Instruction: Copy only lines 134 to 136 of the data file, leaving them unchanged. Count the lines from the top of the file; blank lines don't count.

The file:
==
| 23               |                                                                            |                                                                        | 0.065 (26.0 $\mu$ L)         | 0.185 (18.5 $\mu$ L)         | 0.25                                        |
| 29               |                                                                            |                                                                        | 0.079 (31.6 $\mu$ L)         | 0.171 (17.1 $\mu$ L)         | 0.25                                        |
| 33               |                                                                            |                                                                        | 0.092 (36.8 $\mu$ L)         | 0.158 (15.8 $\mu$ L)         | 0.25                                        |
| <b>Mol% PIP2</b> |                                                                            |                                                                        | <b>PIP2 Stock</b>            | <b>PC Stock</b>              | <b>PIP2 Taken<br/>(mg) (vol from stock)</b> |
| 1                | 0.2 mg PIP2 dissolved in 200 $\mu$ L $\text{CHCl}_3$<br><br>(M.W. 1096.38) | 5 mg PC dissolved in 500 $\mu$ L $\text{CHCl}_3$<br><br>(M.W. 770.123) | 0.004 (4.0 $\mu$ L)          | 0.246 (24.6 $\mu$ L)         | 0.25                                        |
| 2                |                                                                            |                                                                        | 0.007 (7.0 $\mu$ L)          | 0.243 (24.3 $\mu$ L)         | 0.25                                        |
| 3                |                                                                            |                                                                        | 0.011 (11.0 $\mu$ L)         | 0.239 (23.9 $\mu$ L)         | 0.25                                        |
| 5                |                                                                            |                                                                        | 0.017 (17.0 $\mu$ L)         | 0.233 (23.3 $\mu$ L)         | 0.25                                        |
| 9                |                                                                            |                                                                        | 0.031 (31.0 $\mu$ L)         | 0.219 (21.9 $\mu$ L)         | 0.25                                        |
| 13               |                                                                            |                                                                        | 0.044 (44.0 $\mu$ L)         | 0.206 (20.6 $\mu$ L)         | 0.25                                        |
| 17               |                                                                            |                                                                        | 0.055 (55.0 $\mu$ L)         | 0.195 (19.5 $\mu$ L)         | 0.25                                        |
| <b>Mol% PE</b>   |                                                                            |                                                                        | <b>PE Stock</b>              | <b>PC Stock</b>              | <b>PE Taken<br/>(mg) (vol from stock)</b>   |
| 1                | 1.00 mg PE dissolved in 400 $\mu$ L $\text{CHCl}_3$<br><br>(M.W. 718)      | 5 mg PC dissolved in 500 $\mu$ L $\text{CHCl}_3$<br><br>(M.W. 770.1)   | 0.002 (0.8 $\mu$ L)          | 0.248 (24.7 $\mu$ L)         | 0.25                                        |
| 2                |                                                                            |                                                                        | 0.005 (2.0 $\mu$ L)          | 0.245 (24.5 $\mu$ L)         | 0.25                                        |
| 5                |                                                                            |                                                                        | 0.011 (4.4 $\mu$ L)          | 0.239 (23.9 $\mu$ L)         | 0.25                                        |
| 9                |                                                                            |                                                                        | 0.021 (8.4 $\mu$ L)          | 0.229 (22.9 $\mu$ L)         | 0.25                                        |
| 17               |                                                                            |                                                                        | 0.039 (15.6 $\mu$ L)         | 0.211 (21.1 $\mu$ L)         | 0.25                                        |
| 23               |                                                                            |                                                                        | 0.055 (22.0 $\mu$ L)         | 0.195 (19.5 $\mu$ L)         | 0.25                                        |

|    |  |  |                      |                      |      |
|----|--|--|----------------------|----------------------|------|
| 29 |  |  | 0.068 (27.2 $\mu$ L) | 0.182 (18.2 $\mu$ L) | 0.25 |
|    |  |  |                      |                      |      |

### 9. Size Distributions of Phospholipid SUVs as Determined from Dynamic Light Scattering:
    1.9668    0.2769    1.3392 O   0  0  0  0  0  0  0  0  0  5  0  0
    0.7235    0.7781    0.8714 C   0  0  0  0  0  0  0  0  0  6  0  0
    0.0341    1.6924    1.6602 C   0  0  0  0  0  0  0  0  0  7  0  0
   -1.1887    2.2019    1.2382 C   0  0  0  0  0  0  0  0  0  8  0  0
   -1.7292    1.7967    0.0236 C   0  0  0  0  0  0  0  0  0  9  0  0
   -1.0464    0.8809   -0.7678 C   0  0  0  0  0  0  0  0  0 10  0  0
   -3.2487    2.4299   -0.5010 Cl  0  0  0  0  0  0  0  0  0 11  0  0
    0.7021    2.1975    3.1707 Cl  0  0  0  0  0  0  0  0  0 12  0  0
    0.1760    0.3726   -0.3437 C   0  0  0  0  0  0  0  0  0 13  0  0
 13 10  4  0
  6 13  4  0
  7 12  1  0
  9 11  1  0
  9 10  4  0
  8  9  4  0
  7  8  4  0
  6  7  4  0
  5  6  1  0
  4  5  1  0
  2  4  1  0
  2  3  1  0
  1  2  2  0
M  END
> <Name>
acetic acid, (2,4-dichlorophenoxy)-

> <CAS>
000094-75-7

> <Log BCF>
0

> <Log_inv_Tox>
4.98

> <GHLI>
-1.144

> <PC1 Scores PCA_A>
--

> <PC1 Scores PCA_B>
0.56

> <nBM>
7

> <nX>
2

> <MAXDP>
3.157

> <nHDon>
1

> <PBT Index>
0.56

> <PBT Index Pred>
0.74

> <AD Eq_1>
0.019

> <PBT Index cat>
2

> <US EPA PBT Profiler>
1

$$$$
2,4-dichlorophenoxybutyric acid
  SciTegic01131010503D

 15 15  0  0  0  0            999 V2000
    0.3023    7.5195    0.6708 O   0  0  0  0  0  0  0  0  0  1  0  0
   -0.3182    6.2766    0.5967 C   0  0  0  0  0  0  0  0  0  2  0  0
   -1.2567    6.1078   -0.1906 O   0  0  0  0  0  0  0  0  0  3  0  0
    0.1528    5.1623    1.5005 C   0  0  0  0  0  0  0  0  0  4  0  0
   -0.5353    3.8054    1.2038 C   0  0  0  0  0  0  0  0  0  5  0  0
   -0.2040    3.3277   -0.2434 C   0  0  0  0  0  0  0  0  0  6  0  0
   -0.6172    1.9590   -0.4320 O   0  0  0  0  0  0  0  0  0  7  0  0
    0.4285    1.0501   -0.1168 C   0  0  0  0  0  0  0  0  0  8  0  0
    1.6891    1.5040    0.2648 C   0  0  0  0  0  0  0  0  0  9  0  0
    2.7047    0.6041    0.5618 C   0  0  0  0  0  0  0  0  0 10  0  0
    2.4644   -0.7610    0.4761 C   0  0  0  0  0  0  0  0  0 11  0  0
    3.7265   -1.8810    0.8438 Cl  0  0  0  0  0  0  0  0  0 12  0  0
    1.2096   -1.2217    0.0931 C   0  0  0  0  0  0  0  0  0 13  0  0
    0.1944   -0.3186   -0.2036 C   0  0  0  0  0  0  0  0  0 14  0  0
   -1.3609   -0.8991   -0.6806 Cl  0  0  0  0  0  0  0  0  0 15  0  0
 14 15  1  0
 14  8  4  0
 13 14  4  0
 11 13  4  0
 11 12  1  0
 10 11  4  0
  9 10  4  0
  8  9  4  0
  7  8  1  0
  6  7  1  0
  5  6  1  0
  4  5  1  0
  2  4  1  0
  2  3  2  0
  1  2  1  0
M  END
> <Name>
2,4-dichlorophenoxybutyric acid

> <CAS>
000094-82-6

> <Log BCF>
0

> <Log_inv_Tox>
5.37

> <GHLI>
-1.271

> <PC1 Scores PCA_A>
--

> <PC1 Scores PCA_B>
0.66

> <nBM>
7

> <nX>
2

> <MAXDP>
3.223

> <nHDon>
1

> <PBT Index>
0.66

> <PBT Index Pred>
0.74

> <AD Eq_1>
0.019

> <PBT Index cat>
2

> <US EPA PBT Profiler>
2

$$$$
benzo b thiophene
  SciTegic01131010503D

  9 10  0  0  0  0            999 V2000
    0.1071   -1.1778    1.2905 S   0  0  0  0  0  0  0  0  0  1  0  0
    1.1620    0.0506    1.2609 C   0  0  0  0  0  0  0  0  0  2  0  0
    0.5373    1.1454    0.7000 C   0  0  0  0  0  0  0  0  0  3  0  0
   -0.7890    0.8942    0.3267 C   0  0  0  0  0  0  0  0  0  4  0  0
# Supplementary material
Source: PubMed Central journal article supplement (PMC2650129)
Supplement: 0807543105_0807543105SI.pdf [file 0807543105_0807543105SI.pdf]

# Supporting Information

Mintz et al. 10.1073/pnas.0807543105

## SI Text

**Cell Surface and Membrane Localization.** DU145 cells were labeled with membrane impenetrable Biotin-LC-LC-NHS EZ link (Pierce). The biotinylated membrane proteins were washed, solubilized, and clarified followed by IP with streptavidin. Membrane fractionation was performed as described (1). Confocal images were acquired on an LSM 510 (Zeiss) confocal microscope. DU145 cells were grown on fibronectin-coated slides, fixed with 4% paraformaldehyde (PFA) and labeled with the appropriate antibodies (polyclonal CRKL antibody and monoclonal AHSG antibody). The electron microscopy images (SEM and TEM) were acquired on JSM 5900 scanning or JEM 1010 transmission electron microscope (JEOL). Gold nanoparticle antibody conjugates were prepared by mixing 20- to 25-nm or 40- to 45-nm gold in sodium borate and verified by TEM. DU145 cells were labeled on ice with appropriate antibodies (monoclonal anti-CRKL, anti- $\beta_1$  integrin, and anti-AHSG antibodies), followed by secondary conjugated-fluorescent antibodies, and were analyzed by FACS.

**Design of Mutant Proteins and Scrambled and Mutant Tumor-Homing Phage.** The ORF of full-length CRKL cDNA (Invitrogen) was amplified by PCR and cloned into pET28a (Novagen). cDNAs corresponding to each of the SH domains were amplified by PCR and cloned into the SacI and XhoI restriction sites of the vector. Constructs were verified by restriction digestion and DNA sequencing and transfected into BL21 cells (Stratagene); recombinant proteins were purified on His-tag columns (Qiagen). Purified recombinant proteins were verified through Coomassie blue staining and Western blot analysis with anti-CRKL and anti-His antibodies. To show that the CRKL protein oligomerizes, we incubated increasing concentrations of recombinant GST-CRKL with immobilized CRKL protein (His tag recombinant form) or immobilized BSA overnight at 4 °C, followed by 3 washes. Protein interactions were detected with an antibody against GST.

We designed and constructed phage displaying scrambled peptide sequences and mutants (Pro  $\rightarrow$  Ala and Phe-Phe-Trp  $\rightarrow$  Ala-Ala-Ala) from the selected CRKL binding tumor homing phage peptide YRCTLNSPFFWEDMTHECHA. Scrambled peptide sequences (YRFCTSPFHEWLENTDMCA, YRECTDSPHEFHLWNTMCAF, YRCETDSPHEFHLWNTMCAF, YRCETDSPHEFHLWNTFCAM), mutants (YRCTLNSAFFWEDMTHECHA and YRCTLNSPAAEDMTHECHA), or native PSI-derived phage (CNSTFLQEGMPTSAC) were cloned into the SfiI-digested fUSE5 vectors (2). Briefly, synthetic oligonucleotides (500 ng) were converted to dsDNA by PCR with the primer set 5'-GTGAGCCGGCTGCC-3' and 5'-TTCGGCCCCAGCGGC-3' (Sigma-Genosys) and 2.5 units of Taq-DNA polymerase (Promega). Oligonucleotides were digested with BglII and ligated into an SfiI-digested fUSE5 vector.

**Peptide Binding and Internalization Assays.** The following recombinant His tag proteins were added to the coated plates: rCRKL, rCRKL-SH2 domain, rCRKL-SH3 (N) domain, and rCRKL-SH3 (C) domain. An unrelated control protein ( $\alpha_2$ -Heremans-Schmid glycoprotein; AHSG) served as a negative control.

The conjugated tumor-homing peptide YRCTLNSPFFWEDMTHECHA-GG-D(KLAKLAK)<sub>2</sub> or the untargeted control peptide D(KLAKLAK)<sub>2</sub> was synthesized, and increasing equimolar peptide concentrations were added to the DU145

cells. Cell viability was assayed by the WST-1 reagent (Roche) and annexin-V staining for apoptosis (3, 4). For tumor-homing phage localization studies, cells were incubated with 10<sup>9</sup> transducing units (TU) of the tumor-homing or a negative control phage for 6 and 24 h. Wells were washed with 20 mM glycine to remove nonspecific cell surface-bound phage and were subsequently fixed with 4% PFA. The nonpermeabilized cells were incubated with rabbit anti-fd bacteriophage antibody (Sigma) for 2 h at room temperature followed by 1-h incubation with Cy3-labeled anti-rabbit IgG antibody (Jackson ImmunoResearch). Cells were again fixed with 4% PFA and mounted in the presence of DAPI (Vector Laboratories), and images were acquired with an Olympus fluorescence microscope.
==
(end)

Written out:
> <nHDon>
1

> <PBT Index>